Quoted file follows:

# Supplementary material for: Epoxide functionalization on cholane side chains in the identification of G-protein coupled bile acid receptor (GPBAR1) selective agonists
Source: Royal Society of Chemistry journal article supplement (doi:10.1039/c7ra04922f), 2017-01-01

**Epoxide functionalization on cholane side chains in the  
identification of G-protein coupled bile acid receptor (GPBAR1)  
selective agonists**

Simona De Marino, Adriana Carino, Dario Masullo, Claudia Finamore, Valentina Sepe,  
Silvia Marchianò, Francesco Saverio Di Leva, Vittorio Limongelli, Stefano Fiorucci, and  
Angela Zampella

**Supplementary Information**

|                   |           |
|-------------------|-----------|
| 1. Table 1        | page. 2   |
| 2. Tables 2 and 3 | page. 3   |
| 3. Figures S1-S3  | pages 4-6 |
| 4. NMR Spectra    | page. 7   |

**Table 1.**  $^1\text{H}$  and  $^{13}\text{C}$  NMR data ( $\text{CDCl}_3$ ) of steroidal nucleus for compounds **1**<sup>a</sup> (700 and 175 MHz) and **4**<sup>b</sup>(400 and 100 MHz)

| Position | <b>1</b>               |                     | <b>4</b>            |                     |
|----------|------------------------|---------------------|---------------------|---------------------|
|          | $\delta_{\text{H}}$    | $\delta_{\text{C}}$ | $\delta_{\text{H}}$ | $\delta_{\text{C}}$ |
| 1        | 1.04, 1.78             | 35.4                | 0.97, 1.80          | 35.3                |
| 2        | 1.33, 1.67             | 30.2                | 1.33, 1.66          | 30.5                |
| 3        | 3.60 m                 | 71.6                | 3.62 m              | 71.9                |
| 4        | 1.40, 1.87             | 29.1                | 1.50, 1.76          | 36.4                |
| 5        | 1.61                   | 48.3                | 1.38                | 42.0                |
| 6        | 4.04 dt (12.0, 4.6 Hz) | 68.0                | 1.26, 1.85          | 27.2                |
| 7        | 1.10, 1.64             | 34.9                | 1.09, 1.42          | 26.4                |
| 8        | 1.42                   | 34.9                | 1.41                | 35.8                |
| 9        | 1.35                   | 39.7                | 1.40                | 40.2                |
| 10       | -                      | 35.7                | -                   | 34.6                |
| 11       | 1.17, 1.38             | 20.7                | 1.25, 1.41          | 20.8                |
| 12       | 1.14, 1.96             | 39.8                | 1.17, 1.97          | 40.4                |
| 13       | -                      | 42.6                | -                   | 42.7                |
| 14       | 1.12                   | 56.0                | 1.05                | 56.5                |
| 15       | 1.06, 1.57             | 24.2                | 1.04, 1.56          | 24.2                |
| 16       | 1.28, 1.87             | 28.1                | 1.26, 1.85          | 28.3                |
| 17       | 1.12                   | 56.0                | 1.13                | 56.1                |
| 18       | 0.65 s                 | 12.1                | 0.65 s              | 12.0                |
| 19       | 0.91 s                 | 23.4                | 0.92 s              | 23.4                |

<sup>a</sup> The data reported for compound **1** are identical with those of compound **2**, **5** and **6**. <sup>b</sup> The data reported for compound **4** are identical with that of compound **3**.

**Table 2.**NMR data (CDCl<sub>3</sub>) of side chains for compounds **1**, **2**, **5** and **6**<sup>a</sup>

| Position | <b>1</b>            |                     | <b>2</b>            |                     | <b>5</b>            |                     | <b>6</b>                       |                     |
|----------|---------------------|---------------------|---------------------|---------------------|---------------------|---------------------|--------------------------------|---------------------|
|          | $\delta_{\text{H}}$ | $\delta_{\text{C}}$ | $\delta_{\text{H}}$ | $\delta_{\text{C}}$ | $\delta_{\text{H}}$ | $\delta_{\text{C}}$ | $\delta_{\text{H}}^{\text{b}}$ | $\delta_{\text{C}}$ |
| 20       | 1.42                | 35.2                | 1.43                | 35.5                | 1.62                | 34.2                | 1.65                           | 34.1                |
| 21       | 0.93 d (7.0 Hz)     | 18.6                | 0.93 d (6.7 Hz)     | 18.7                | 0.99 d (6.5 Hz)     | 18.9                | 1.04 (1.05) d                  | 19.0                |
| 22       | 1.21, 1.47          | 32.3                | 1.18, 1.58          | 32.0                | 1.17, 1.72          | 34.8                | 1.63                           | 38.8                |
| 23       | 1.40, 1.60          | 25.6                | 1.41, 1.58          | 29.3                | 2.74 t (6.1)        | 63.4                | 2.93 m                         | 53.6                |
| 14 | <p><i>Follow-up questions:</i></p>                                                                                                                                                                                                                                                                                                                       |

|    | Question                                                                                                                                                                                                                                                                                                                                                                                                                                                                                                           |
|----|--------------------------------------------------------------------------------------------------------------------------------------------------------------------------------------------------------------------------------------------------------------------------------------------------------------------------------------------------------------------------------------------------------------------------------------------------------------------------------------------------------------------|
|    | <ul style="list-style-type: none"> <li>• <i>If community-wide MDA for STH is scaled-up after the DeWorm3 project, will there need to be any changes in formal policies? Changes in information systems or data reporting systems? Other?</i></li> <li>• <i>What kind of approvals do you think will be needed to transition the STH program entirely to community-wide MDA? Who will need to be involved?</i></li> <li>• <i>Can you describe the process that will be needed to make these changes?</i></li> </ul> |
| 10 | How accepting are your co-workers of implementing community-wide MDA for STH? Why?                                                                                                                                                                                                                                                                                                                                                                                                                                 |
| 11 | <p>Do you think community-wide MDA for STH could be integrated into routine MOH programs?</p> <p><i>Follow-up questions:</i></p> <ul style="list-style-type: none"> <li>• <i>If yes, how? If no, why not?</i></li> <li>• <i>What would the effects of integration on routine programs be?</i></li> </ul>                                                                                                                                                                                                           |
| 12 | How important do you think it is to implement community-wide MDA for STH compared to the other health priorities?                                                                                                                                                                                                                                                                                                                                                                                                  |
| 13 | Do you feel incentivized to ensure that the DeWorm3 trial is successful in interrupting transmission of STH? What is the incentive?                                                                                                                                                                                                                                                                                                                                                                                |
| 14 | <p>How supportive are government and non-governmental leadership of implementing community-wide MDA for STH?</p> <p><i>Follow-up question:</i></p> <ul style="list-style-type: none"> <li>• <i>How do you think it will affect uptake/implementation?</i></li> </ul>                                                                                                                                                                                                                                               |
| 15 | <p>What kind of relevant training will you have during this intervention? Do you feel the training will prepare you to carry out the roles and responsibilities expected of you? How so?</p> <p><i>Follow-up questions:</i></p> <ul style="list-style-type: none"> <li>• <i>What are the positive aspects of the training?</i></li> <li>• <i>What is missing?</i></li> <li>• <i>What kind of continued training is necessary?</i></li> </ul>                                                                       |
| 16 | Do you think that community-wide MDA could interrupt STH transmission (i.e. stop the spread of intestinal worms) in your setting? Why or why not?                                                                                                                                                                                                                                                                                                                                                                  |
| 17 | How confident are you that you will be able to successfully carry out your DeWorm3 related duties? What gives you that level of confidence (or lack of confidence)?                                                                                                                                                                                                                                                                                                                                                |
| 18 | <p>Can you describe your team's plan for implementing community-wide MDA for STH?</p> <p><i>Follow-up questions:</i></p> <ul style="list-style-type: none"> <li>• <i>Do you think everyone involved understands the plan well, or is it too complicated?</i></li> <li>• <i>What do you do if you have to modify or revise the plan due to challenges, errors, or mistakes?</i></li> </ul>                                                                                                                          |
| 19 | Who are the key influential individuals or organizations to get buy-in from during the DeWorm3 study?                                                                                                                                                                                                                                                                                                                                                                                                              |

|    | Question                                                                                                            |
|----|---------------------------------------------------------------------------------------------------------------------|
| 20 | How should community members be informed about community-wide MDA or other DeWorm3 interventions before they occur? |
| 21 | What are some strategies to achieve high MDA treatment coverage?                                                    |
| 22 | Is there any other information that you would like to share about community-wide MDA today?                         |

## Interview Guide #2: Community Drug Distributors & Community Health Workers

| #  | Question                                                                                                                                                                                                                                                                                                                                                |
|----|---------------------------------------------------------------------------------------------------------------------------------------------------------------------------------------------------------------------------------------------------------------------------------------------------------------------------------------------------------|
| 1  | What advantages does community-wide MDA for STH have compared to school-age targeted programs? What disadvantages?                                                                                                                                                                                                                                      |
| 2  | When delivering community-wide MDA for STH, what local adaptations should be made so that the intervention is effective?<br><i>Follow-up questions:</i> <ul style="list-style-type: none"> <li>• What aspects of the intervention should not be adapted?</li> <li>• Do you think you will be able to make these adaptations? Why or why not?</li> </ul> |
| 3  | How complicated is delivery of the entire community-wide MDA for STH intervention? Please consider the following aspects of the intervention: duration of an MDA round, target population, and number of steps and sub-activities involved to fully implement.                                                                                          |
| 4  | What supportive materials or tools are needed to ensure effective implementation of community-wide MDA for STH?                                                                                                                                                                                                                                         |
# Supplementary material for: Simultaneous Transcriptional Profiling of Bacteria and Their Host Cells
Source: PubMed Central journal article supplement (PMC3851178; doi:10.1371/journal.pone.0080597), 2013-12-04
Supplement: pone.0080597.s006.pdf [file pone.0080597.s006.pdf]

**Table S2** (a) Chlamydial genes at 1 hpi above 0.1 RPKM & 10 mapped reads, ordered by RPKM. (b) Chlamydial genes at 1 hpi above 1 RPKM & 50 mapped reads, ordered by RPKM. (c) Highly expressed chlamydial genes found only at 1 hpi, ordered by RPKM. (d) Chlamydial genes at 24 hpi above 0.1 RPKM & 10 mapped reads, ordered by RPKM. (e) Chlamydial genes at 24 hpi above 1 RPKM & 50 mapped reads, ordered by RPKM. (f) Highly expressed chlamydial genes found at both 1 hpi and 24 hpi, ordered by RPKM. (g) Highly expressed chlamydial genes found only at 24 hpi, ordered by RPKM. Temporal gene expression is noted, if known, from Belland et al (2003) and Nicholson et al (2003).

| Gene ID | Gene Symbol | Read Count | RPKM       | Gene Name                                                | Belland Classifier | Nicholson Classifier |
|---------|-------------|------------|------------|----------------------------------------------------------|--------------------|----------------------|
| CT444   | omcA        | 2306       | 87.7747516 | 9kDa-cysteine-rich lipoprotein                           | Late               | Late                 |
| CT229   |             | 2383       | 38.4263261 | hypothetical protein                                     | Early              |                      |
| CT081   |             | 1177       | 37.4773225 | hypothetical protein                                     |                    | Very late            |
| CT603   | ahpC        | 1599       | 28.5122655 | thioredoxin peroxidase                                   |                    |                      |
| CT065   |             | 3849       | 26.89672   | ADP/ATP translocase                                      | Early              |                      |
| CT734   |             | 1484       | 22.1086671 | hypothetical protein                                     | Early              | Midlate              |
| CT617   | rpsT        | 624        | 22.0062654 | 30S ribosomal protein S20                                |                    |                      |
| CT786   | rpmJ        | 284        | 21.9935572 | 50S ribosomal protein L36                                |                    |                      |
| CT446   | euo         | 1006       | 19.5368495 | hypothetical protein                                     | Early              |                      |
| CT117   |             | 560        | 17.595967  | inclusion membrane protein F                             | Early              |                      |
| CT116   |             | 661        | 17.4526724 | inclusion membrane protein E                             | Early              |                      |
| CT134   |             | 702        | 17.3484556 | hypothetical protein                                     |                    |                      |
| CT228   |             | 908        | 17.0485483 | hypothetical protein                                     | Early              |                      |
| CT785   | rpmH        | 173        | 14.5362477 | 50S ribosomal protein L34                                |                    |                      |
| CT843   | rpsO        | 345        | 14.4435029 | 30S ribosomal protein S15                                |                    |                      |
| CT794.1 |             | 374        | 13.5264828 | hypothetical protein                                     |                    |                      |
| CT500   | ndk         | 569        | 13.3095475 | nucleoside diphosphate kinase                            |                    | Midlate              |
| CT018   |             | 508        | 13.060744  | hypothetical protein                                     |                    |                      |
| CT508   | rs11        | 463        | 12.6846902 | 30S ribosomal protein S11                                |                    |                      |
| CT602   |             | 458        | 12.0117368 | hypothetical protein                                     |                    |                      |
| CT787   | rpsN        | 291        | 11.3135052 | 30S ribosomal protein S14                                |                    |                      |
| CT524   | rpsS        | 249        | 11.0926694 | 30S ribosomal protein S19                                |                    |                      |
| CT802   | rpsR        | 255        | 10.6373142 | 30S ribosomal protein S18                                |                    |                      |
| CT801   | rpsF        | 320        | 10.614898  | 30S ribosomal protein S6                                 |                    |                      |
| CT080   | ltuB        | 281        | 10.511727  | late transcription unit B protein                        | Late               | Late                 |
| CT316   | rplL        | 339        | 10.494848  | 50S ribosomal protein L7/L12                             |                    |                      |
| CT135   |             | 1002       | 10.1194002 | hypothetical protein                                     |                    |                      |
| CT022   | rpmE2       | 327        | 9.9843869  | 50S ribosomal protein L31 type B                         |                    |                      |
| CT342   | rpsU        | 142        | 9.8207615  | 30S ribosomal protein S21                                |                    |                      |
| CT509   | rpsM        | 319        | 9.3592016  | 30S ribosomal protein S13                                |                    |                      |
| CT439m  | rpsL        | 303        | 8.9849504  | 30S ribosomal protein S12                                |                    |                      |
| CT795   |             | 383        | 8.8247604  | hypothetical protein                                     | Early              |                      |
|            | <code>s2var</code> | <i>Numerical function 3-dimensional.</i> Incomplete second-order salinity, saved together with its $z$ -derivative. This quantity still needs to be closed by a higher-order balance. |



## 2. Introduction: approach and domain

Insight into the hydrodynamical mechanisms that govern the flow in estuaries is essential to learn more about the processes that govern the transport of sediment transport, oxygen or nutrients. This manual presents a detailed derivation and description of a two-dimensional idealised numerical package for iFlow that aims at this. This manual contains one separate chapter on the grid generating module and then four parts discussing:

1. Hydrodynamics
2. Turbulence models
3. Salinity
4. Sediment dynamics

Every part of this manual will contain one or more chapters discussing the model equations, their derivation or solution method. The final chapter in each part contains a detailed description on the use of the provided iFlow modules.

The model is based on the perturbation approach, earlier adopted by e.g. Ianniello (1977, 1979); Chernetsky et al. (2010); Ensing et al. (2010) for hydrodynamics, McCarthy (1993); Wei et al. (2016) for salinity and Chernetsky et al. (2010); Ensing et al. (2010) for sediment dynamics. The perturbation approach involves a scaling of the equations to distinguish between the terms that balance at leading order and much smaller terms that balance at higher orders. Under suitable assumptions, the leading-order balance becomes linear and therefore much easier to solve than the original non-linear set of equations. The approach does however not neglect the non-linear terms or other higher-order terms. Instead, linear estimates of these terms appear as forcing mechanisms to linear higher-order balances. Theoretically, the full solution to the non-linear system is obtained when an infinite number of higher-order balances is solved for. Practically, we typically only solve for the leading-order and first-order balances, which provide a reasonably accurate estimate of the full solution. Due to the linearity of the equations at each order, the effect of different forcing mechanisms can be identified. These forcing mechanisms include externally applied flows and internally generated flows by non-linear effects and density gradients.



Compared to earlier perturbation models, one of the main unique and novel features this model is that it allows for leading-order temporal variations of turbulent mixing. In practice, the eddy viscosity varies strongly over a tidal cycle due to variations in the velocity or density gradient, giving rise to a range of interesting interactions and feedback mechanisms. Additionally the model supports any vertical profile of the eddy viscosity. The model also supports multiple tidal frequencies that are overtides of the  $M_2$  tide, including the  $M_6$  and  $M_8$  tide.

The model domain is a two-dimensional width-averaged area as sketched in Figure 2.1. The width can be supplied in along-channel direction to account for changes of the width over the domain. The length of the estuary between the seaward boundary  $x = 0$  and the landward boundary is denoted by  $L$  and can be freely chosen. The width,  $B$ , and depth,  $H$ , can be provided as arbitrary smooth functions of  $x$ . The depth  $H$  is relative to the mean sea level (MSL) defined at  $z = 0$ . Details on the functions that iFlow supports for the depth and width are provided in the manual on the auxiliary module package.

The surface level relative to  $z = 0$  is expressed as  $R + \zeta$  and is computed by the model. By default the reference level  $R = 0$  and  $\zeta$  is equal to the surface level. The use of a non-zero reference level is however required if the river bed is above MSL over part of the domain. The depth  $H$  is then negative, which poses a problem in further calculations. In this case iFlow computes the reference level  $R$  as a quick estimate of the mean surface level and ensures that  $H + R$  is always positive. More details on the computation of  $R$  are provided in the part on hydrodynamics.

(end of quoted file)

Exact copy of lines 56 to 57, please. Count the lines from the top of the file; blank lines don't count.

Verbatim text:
| 14 | <p>How supportive are government and non-governmental leadership of implementing community-wide MDA for STH?</p> <p><i>Follow-up question:</i></p> <ul style="list-style-type: none"> <li>• <i>How do you think it will affect uptake/implementation?</i></li> </ul>                                                                                                                                                                                                                                               |
| 15 | <p>What kind of relevant training will you have during this intervention? Do you feel the training will prepare you to carry out the roles and responsibilities expected of you? How so?</p> <p><i>Follow-up questions:</i></p> <ul style="list-style-type: none"> <li>• <i>What are the positive aspects of the training?</i></li> <li>• <i>What is missing?</i></li> <li>• <i>What kind of continued training is necessary?</i></li> </ul>                                                                       |